Mr. MOSLEY: The next thing still--is still in medicine. I think we need about six times as many doctors as we have. And--and this—this goes to other things. I think we should go to poor neighborhoods and that we should say, `Any kid'--tell all the kids there--any kid who has a 3.5 or better, `We will send you all the way through school to become,' you know, a variety of things. One being a doctor, another maybe being a geneticist, another maybe being, you know, a something--a data processor. `If you do--if you--if you do your part, your 3.5, you've got it.' Not by race, not by gender, anybody. And we have to be very clear, anybody who can do it, you know, in these neighborhoods.
LAMB: OK, three.
Mr. MOSLEY: The third thing. I--well, you know, the--it b—becomes larger and more attractive--I think that--that we need a living wage. I think that people need to be able to know that they can survive in spite of what happens to them.
LAMB: Is that subsidized by the government or is that a minimum wage?
Mr. MOSLEY: And I--see, I don't know how that--how I would work--this is--this is, you know, one of my problems not being an expert. I think that--you know, I think that there's a great deal of money in the system and that we should get--there should be an—an ability for people to survive no matter what they're going through. Now would it--should it be like in Cuba where they have--beans and rice and milk are the basic--basic costs? You know, you--you--you pay for what it costs to produce them, nothing more. Or less actually. You know, the government subsidizes it. Or should it be a minimum wage based on, you know, how much it costs to live. Should there be government housing? I don't know the--I don't know the particular answers to these things.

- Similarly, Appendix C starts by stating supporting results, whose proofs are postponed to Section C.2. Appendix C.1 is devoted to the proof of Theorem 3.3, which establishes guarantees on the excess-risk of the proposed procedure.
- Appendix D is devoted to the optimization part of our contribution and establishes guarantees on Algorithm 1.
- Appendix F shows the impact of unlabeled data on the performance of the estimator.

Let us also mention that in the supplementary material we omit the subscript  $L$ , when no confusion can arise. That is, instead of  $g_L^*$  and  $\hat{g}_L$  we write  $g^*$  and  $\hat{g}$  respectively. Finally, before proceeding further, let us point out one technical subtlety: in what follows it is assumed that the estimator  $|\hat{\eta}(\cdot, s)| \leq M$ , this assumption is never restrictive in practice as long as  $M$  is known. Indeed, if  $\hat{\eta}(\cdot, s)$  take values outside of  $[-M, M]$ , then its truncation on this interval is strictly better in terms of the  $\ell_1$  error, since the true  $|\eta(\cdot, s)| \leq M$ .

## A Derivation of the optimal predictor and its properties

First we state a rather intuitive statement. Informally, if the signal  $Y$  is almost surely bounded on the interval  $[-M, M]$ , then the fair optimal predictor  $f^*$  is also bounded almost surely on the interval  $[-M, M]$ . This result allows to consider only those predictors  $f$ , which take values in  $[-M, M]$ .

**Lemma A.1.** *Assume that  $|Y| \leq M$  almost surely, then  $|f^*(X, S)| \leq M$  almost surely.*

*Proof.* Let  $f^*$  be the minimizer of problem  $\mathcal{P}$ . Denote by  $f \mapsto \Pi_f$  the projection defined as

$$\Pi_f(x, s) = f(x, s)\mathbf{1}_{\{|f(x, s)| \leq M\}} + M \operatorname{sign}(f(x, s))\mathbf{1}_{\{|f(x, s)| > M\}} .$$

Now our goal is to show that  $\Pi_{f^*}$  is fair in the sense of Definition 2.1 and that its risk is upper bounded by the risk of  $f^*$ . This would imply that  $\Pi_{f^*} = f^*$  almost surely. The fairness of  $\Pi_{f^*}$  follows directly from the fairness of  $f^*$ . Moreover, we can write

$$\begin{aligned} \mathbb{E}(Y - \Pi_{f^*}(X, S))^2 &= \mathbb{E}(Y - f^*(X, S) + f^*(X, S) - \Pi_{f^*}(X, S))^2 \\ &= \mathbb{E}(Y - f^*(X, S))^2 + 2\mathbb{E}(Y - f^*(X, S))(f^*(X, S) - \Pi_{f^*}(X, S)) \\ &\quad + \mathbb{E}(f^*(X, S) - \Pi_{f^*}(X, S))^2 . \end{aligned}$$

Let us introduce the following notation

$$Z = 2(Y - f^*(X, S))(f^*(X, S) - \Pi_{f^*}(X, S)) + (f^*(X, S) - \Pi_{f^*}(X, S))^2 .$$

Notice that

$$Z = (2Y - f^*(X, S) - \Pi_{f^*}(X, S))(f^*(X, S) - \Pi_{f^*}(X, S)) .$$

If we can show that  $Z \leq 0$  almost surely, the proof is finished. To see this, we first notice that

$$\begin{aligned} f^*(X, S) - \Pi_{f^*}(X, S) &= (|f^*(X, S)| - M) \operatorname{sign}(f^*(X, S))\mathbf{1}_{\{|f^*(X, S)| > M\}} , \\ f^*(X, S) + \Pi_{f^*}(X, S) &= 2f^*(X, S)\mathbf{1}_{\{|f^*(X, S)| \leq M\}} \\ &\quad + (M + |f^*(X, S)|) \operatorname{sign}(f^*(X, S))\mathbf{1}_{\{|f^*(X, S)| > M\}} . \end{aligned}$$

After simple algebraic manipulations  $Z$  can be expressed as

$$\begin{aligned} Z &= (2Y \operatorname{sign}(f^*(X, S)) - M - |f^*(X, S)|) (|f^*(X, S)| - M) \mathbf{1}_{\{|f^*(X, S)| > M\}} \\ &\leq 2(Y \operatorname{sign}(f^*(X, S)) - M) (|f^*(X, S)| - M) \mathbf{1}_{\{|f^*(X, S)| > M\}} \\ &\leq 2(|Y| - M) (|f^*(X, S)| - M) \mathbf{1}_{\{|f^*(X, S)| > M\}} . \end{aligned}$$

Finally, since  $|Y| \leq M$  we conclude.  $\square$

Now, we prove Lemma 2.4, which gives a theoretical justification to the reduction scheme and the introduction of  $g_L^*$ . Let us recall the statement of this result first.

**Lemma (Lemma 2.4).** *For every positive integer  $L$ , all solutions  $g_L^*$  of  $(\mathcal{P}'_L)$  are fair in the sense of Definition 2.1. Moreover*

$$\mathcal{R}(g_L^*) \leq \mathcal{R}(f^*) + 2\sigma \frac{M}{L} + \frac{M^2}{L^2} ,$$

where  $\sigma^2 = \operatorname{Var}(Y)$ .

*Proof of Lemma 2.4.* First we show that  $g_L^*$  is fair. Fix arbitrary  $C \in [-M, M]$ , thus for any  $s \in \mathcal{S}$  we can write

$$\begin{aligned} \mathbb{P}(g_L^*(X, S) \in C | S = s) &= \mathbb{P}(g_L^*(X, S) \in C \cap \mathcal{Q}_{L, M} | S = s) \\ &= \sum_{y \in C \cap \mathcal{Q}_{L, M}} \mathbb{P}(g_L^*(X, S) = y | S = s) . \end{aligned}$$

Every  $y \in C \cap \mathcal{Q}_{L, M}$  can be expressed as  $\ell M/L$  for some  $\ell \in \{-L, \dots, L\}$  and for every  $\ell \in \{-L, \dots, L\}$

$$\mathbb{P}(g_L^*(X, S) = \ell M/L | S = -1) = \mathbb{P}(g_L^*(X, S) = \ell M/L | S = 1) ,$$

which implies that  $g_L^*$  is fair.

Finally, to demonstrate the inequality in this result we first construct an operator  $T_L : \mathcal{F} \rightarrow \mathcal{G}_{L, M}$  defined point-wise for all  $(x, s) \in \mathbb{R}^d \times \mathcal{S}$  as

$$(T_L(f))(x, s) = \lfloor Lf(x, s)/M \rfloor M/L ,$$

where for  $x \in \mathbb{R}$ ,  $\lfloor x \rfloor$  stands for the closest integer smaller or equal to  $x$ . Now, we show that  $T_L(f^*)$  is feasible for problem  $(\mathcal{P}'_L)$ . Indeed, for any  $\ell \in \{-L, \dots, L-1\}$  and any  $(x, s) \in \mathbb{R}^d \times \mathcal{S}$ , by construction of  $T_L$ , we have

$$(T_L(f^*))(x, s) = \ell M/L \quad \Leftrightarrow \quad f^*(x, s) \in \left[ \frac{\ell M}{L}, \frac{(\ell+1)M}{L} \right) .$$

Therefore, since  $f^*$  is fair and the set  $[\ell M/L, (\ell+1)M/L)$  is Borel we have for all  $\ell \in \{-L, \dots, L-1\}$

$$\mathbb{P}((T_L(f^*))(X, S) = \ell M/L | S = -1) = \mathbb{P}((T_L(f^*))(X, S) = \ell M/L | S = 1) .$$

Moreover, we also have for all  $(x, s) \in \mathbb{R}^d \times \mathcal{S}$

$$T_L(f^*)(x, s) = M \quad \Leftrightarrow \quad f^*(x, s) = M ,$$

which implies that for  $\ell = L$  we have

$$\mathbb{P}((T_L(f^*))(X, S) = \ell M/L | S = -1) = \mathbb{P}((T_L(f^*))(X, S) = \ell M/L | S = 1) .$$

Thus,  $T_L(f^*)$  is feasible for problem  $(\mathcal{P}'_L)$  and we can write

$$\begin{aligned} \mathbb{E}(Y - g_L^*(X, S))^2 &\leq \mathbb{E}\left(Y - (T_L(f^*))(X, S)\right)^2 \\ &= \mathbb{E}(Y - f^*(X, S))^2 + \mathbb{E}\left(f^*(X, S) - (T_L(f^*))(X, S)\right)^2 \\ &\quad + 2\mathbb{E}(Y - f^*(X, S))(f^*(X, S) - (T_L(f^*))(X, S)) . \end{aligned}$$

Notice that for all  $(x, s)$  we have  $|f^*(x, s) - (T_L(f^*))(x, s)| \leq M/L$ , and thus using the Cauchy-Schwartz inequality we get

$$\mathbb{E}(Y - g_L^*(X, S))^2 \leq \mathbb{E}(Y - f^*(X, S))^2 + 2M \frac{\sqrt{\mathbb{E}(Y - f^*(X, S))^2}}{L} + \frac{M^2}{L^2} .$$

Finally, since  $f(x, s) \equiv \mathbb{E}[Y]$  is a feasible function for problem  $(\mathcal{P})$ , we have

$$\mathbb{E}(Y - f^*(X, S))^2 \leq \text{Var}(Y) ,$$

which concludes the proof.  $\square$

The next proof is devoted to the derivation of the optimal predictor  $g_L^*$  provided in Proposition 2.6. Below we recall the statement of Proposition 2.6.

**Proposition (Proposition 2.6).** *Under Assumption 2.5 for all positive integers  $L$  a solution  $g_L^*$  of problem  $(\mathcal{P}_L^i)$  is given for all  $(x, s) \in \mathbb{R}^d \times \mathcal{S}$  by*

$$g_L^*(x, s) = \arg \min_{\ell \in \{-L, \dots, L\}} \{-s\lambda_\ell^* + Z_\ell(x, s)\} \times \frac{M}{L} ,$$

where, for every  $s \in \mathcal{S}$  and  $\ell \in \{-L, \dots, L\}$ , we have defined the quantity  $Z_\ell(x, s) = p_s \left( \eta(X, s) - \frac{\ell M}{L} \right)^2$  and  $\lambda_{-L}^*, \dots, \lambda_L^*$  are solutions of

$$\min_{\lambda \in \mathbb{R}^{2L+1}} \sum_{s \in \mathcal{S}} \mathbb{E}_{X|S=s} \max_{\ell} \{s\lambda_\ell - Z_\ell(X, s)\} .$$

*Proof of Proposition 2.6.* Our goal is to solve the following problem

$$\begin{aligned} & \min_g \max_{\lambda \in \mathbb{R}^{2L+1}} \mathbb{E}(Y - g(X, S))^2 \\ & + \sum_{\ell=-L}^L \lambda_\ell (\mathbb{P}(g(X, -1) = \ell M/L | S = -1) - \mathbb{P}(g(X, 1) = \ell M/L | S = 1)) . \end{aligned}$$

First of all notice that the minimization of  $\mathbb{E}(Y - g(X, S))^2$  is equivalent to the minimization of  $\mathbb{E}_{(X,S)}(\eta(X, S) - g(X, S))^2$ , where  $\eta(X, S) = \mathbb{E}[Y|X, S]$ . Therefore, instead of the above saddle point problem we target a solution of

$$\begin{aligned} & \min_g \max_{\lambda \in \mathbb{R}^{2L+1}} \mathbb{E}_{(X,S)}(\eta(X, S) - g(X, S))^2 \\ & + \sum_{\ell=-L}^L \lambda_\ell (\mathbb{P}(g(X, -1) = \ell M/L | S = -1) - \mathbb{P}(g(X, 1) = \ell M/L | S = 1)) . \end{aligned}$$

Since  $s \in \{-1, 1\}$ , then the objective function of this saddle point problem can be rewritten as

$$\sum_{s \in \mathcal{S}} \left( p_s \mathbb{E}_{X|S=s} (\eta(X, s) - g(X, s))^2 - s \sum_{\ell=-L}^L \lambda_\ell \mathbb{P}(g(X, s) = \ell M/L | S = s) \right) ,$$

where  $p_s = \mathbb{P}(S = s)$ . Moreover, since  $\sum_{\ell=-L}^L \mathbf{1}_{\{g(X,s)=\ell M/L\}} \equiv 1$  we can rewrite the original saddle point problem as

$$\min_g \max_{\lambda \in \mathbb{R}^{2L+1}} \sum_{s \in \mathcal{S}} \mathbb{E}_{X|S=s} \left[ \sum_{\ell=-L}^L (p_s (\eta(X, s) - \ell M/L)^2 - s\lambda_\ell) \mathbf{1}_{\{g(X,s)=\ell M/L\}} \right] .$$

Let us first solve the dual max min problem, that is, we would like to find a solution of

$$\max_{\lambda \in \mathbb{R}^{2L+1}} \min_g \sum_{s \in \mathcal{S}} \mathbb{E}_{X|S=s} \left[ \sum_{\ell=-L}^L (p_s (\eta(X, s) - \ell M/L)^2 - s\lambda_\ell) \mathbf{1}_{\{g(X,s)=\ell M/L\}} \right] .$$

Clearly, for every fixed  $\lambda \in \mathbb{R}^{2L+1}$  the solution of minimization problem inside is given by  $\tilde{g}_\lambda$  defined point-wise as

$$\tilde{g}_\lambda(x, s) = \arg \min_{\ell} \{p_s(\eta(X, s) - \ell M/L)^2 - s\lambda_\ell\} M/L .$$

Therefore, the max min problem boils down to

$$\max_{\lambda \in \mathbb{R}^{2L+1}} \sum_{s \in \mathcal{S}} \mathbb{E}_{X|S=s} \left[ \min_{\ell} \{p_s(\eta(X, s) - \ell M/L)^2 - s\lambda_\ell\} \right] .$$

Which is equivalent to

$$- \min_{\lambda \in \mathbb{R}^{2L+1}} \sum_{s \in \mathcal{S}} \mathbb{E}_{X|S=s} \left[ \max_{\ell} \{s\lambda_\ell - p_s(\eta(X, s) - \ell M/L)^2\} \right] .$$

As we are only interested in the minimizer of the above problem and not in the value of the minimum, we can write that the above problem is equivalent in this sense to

LAMB: What about school? What about education? How much should you get either free or how much guaranteed schooling?
Mr. MOSLEY: Oh, I think all--all education should be free. Maybe, like in Germany, after you get your first, you know, degr--degree in college, you got to pay for your second one. But I think you should be able, certainly, to get your first master's degree for free and all the way through. And, of course, I think our schools should be much better. I think they should be year round. I think that we—you know, because our greatest resource is our children.
LAMB: What about the military?
Mr. MOSLEY: The military is an interesting thing. This is--this is something that I--I would like much more research on. You know, 'cause I know how much we're told that we have to protect ourselves from all of these aggressors. Or how much I'm told that these people are going to attack and fight and kill us. And I know, you know, the human race has a history of wars. And so I'd like us to be able to protect ourselves, but I'm wondering how much is necessary. Really wondering how much is necessary and I don't really know. This is one of those things that I'd like to find out. I don't believe what I'm told. But I think some parts of it are probably true, you know.
LAMB: What do you believe the most in this society: television, radio, newspaper, professors, politicians?
Mr. MOSLEY: I believe the--the--the naked truths that we see. And it's almost a pun when I say that. So when you see--when you can find 50 women who want to parade half-nude in front of a man simply because he's a multimillionaire and are willing to marry that man, if he says so--they've never seen him before, don't know anything about him—I think--I believe that that desperation and that hunger exists in my country.
LAMB: This book--is this your first non-fiction book?
Mr. MOSLEY: Yeah.
LAMB: And you said earlier, people have argued with you about the--the conclusions you have in the book.
Mr. MOSLEY: Mm-hmm.
LAMB: What kind of reaction have you gotten?
Mr. MOSLEY: Well, you know, it's interesting, a lot of young people
are very happy to read it. Like--you know, again, I'm not the expert, I'm not a Henry George, you know, who wrote a great book. You know--What is it called?--"Poverty and Progress," 100 years ago. I'm not Freud or Marx or Kamo or the--the labor movement. I'm not Malcolm X. But I talk a lot about the problems that we're facing today and I find that a lot of young people agree with it. A lot of people who have been radical thinkers and are--continue to be radical thinkers looking for, you know, new answers. I find very conservative people, you know, because it--I really believe in democracy. I really believe that--us getting together and making the changes. When I tell people, `No, I don't like Marx because Marx has a dictatorship with the proletariat.' `No, I don't like Plato because he has a dictatorship of the educated elite,' you know. A lot of--of, you know, Republicans, conservative thinkers, are--are very excited about that.